School Nurse?‎ > ‎

Children are not pawns

What we know about diabetes: Children are Not Pawns
By Francine R. Kaufman, MD

“Imagine you have a life-threatening medical condition that requires a critical procedure for you to survive.” So began Dale Parent’s explanation of why only a medical professional is able to safely administer insulin to a student with diabetes (“Judge rightly stopped health outrage” Dec. 10, 2008, LA Daily News). Ms. Parent, president of the California School Nurses Organization, goes on to provide horror stories of what might happen if someone without a medical degree were to administer insulin, a procedure that she makes sound very ominous.

As a pediatric endocrinologist for 30 years, my one word response was “balderdash”. In the time it took me to read Ms. Parent’s article I knew that tens of thousands of doses of insulin were administered across the country and only a very tiny percentage were given by health care professionals. Rather, they were being administered by people with diabetes, parents, friends, and babysitters of children with diabetes and even many children. Yet, Ms. Parent seems unaware that the foundation of modern diabetes management is lay people not medical professionals administering insulin.

So Ms. Parent is thrilled that a Superior Court judge struck down an agreement between the American Diabetes Association and the California Department of Education that would have allowed trained non-medical school personnel to administer insulin at school and school-related activities when a school nurse isn’t present.

While Ms. Parent was thrilled, I, my colleagues (who are doctors, nurses, and diabetes educators who specialize in diabetes care) and the families of children with diabetes were appalled. And we were frightened.

We know that when children with diabetes are able to successfully manage their disease they can hope to avoid the potentially deadly short term complications, as well as long term complications of diabetes including heart disease, amputation and blindness. This requires having immediate access to insulin before meals and at unpredictable times when blood sugar levels are higher than what is acceptable.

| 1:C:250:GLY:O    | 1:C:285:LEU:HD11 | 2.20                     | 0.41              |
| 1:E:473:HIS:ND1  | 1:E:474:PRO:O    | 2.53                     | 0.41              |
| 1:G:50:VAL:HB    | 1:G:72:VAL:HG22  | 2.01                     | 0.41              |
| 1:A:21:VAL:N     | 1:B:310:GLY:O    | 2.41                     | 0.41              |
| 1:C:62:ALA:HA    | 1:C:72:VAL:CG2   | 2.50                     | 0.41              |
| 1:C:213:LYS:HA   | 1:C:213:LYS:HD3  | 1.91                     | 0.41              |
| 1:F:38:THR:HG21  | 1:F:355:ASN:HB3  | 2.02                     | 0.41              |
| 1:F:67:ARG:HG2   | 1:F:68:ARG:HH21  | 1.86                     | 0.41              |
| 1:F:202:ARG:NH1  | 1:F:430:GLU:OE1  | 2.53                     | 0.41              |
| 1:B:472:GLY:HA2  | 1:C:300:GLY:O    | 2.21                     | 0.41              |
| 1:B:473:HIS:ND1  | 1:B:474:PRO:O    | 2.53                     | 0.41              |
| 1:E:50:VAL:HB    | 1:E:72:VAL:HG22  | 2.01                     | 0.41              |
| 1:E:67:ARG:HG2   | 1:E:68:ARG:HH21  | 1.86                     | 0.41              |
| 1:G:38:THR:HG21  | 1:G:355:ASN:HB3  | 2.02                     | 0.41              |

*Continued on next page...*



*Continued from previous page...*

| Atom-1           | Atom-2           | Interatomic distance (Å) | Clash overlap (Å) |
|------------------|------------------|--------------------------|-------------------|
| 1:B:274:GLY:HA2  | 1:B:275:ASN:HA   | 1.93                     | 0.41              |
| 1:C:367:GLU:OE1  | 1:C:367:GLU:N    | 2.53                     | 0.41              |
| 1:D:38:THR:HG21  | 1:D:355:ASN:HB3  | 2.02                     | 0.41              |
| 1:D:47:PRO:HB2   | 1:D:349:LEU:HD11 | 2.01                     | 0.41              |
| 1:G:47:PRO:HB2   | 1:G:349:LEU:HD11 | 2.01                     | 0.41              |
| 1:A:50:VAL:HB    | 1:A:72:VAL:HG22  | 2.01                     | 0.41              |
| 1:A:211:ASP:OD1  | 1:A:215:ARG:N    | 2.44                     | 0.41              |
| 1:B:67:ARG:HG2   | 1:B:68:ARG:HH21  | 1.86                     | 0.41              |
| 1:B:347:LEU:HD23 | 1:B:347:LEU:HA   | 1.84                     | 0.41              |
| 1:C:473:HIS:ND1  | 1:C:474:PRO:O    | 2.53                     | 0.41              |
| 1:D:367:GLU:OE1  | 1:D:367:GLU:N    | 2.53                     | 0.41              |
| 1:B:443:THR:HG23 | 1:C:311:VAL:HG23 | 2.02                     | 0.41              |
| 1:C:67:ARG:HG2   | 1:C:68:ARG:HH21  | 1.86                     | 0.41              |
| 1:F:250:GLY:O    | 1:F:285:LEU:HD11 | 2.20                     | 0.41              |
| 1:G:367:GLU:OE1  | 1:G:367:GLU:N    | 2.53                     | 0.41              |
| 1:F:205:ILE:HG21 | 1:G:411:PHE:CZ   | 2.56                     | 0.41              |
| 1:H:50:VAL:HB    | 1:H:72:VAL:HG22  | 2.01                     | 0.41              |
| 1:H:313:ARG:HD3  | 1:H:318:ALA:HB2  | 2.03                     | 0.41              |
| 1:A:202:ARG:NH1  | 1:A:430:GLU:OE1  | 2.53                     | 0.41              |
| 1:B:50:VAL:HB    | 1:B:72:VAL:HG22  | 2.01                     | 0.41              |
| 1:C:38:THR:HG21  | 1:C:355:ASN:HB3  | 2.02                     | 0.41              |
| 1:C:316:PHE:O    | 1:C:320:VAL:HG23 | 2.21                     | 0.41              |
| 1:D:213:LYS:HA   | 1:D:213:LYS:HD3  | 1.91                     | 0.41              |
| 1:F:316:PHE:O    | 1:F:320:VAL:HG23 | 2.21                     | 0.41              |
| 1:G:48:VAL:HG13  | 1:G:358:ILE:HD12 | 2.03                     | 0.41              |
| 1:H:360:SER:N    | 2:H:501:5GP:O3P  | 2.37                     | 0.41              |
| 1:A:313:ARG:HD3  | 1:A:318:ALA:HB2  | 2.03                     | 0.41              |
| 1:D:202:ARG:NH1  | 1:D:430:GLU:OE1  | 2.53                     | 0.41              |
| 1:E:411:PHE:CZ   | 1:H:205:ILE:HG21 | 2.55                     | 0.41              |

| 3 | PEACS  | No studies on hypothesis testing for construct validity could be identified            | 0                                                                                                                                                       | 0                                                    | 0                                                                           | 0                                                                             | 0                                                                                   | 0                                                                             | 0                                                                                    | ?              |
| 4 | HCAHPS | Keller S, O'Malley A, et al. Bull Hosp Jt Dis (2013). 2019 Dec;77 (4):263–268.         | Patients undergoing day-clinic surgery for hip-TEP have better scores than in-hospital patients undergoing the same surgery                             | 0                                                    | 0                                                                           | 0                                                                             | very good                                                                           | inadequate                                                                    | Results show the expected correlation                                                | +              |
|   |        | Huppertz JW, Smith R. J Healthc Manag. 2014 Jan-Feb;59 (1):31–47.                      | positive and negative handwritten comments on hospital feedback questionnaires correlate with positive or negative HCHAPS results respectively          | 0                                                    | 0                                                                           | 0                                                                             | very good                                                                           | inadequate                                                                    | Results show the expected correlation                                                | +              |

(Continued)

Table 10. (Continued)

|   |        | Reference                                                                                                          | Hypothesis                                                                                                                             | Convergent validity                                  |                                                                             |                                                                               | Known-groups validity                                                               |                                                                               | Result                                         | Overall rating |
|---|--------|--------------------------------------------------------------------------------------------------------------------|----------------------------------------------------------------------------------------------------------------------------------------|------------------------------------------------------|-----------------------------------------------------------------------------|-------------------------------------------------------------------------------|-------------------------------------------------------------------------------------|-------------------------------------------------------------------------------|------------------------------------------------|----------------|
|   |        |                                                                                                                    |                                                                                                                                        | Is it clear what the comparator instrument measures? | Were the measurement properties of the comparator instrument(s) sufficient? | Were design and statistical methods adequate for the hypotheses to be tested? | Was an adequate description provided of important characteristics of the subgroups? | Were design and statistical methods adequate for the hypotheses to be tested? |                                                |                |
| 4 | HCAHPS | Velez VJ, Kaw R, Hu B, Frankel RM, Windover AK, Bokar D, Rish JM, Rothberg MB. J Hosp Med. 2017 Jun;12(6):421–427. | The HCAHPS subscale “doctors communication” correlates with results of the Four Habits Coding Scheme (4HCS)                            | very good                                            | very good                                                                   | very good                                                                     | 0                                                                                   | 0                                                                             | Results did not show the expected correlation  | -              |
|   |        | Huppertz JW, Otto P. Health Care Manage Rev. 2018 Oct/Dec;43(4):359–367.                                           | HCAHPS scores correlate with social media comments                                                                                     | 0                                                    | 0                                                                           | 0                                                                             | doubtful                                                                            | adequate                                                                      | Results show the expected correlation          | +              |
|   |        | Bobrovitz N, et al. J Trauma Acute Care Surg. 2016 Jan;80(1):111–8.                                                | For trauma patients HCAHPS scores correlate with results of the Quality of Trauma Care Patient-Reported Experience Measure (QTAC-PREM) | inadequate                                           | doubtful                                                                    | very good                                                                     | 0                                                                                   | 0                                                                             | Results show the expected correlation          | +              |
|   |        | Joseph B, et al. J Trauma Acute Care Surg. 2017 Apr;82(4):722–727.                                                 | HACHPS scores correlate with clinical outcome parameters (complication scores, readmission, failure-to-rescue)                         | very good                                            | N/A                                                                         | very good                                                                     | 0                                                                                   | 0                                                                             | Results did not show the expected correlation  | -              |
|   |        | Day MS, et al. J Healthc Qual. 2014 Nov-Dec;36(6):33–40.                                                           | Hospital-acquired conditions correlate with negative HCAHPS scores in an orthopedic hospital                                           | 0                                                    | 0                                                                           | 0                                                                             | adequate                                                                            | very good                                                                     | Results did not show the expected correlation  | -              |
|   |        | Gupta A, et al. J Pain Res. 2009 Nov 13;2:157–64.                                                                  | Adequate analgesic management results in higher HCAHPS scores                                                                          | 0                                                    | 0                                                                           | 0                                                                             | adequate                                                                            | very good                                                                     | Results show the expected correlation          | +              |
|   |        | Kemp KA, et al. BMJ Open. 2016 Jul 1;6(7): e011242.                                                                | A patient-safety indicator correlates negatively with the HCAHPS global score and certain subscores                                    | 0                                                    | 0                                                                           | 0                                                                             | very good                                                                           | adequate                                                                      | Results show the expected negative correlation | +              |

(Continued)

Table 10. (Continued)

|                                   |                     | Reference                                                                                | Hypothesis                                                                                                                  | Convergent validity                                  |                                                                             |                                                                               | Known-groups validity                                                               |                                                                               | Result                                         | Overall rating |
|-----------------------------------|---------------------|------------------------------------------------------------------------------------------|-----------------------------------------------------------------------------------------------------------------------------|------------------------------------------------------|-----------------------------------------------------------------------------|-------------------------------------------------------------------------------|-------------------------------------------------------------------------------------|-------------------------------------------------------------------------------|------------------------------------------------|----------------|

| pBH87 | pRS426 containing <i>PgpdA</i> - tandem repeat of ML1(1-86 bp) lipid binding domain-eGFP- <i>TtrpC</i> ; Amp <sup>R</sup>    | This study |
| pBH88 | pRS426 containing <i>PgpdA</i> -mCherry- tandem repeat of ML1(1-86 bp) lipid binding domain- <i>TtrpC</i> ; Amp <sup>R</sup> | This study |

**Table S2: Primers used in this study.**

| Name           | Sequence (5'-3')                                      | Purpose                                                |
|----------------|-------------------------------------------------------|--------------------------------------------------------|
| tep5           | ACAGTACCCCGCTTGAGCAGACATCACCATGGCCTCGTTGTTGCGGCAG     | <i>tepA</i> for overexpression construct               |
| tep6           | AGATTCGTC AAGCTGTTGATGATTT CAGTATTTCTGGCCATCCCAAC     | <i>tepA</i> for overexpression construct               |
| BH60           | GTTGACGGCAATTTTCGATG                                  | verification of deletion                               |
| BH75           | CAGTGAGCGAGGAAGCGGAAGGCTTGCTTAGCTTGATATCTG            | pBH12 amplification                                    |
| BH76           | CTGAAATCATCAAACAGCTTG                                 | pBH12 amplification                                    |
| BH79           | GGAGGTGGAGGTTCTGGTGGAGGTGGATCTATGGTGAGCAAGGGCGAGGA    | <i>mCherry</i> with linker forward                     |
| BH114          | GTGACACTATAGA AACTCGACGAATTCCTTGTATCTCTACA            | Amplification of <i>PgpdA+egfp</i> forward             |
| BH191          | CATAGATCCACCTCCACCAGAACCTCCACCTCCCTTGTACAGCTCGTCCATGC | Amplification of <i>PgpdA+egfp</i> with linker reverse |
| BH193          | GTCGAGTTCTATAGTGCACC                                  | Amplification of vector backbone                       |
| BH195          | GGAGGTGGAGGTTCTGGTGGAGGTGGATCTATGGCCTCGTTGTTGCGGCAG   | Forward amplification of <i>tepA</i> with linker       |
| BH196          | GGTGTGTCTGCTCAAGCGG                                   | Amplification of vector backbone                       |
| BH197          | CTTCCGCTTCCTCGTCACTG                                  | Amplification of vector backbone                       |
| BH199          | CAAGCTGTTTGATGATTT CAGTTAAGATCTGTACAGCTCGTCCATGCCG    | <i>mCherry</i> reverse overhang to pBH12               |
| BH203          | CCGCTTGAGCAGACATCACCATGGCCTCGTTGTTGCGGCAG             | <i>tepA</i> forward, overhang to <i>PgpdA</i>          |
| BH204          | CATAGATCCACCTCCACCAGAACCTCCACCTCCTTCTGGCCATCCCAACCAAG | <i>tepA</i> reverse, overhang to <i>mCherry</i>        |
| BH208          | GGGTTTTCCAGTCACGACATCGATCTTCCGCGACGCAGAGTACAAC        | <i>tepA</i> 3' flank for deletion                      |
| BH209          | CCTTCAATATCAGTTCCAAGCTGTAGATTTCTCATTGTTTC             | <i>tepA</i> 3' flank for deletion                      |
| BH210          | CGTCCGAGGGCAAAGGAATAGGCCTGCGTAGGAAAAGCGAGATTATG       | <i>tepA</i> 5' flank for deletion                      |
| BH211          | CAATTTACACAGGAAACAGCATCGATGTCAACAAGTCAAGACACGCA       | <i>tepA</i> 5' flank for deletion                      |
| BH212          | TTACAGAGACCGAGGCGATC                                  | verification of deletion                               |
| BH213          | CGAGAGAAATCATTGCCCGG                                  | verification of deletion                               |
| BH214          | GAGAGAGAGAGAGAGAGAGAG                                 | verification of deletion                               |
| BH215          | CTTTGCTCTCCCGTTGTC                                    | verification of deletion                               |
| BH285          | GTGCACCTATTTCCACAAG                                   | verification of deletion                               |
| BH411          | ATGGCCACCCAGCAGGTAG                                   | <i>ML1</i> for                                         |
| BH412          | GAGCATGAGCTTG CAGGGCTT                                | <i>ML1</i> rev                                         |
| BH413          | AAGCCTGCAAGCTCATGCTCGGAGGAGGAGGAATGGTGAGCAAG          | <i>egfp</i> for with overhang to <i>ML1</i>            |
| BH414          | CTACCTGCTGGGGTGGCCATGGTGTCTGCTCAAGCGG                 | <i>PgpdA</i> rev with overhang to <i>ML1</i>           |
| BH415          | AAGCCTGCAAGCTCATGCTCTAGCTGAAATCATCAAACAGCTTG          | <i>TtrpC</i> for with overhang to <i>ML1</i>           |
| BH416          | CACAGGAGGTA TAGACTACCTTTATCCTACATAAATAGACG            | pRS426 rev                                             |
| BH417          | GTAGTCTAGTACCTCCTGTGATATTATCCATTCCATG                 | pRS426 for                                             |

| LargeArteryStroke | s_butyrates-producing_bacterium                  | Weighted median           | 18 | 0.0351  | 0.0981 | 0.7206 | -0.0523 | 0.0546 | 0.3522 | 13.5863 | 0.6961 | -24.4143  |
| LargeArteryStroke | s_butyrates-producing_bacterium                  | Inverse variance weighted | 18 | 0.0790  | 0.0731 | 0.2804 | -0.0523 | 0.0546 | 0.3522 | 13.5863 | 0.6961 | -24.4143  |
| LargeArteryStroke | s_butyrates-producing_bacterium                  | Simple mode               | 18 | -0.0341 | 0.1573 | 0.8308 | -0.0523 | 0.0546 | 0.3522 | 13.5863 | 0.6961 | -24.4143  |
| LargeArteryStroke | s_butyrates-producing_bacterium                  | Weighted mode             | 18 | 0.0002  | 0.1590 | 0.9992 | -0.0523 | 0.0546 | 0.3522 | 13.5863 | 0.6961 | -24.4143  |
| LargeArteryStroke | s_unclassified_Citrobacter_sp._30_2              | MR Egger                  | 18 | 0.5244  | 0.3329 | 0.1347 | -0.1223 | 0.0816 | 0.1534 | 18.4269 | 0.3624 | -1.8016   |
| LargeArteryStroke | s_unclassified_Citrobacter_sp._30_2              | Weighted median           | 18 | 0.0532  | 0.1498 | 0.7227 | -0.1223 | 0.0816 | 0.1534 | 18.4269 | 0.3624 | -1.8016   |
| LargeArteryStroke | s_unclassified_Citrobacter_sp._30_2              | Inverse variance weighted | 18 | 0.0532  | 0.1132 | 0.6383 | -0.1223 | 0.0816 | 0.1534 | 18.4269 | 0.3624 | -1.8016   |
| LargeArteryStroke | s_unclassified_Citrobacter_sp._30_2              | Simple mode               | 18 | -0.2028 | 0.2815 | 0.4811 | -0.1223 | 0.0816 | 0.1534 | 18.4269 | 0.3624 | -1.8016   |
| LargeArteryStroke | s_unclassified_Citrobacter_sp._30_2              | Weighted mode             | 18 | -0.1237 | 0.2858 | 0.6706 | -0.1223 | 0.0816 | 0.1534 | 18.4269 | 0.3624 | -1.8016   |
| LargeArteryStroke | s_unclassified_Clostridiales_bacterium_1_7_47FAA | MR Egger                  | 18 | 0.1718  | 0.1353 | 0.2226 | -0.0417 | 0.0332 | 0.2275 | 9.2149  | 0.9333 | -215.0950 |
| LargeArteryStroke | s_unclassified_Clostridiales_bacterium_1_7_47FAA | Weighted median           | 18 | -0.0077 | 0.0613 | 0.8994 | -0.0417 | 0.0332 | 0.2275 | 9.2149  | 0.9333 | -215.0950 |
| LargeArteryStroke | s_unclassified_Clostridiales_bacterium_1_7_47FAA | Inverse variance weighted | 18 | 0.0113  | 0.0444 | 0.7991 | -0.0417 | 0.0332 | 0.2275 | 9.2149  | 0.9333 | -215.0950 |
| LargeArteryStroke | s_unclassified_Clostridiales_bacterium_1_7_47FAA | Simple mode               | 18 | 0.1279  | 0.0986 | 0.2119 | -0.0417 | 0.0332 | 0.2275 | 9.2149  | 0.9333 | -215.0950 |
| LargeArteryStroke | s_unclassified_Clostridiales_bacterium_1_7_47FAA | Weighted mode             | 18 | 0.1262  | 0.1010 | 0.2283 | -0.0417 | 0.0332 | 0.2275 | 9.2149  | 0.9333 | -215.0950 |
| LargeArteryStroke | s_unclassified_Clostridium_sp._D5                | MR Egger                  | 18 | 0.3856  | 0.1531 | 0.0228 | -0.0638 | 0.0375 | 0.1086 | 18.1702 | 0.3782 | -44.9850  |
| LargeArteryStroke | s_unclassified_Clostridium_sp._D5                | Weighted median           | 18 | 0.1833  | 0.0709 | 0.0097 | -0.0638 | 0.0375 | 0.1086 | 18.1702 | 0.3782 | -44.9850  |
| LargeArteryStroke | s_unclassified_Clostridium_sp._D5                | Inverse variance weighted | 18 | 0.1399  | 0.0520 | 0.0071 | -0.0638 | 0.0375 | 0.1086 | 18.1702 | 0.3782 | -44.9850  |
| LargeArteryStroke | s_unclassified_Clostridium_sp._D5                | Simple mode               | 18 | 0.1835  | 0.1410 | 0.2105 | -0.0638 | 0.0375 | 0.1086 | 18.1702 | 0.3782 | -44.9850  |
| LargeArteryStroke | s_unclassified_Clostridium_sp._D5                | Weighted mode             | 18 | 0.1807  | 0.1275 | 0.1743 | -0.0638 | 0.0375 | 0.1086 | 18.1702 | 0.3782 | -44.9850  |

We know that school nurses are important to the health of all students and, like Ms. Parent, we would like to see more nurses in our schools.  But we also know that we have but one school nurse for every 2700 California students, one of the worst ratios in the country. Weathering the current financial crisis, school districts in our state are cutting positions, not adding them. Even in those rare schools lucky enough to have a full-time nurse, the nurse isn’t there during field trips and extra-curricular activities. But the child’s need for insulin is still there and this need simply cannot wait for a phantom nurse to show up.

We know that insulin is given in school by many different kinds of people other than the school nurse. Parents or their designees all unlicensed can administer insulin in school. Babysitters, aunts, uncles and grandmas even siblings show up to give injections with no assurance they have been properly trained. The nurse organizations that brought this lawsuit do not object to this, yet they will not let school staff members, many of whom have diabetes themselves, volunteer to give an injection after they have been trained. And worse yet is the insinuation that Ms. Parent made that we are asking unlicensed people to determine how much insulin to give. Nothing is farther from the truth.  Each child with diabetes has the dosage pre-calculated, and the parent or the child’s diabetes team are always available even for the school nurse to call to double check prior to giving the dose of insulin.

In short, we know that if only a nurse is allowed to administer insulin then students with diabetes will not be safe at school. Some will face long delays in getting insulin or will go without insulin altogether during school, putting them at increased risk of severe complications.  Sometimes they will be in school sick when they should be thriving. Some parents will be forced to quit their jobs to be on call to administer insulin; I’ve had parents of patients end up on welfare after they lost their jobs because they had to leave work to give their child an injection.

We know this is needless hardship when a safe and financially reasonable alternative is readily available. The American Diabetes Association (ADA) has supported training non-medical school personnel for years as have other leading organizations of people with diabetes and diabetes healthcare professionals. It happens today in over 30 states.

We know about families whose children got sick waiting for a school nurse. What we don’t know are where the horror stories Ms. Parent relates came from. The lawyers representing the ADA assured me none of Ms. Parent’s stories made it into facts alleged on the record in court.  They also told me that the judge in the case said he agreed with the ADA as a policy matter, but that it was a matter for the legislature to decide.

Parents of children with diabetes and health care professionals who have devoted their lives to caring for children with diabetes are not, as Ms.  Parent implies, mistaken about what is in the best interests of children with diabetes. We are not mistaken when we say that they are vulnerable children not pawns.

Dr. Kaufman is the Director of the Comprehensive Childhood Diabetes Center and the Head of the Center for Endocrinology, Diabetes and Metabolism at Childrens Hospital Los Angeles and the former president of the American Diabetes Association.

(Note: the California Court of Appeals stayed the lower court ruling in 2009, and until a final decision, the entire original Legal Advisory remains in effect, and California school districts are permitted to train unlicensed personnel to administer insulin.